Thursday, April 7, 2011

More edible weeds

I had passed it many times before, often nearly stepping on it.  Like rays of sunshine breaking through crowded trees, the little white and yellow flowers peeked out of the brick sidewalk.  Chamomile grows wild all over Israel and is well-known for calming irritated skin and upset tummies.  We picked some today to dry and use in tea during Pesach.  With all of that matzah, someone is bound to get indigestion.

There is so much repetition in life.  Travelling the same path to and from school or work, our surroundings tend to blur.  But today something jumped out of the background.  It was an almond tree, one that I hadn't notice before because only now has it begun to bud and blossom.  Even trees have their unique biological clocks and this one was a late bloomer.  Its branches stretched high into the sky, as if to say, "I may not have been as fast, but I finally did it."  It looks so proud and beautiful.


Wild asparagus grows in our forested park.  The shoots are as lanky and awkward as a teenager.  When asparagus is cultivated, the earth is mounded up around the plants (which are perennials, producing good shoots for twenty years or more) and they are harvested when young and tender.  I snapped off a tip and took a bite.  Bitter!  I wonder how many years of experimentation it took to discover the cultivation methods used now to make it more palatable.

When picking the daisy-like flowers for our tea, I reminded Puriel to leave some on each plant.  Aside from the courtesy of saving some for other people to enjoy, the annual wildflowers need to fade, go to seed, and fall to the ground in order for them to return next year.  We made sure to avoid the tomato weed, because I haven't figured out yet if it's poisonous or not.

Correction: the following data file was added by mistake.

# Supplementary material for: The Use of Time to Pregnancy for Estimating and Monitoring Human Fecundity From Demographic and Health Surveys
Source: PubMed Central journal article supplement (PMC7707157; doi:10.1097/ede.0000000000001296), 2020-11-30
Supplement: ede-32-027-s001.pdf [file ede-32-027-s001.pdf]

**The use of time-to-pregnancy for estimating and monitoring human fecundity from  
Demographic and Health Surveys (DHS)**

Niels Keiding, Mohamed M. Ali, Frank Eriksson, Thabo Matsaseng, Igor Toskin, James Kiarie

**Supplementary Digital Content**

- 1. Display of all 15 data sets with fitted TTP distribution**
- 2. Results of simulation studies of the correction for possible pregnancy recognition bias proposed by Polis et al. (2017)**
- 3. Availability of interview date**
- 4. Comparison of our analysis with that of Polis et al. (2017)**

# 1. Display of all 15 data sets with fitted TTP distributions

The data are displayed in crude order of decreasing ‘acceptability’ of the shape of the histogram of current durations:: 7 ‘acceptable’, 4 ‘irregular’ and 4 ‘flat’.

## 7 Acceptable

We're halfway home and find a variety of wild peas, part of the Papilionaceae family, which derives its name from the butterfly-shaped flowers.  Tendrils are twirled around its next-door neighbor, barley, which is one of the seven species that the land of Israel is praised for.

"It is a land of wheat, barley, grapes, figs and pomegranates; a land of oil-olives and honey-dates." Devarim (Deuteronomy) 8:8

Barley is the first of the winter grains to ripen, marking the beginning of spring and the omer offering which connects the holidays of Pesach and Shavuot.  Its Hebrew name, se'ora is similar to se'ar (hair), referring to its hair-like spikes.  It was the grain of choice until the Second Temple period when it was replaced by wheat.  Wheat, barley, spelt, rye and oats are the five grains that can be chametz.

Hemdiya has been helping me use up the last of our chametz.  I think he needs to find a new method.  When cleaning, make sure that toxic detergents aren't as accessible as the spaghetti and Honey Bunches of Oats were.  It's easy to get distracted and accidentally leave things within reach of tiny, curious fingers.

Yesterday I went out with a friend who has a car and did my Pesach shopping.  Matzah pizza is a favorite in this house and I always make coconut chocolate-chip macaroons.  I find myself singing the popular folk song:  Simcha raba, simcha raba, aviv higi'a, Pesach ba!  (Great joy, spring has arrived, Pesach is coming!)  Sing along with the Rechov SumSum (Sesame Street) version here: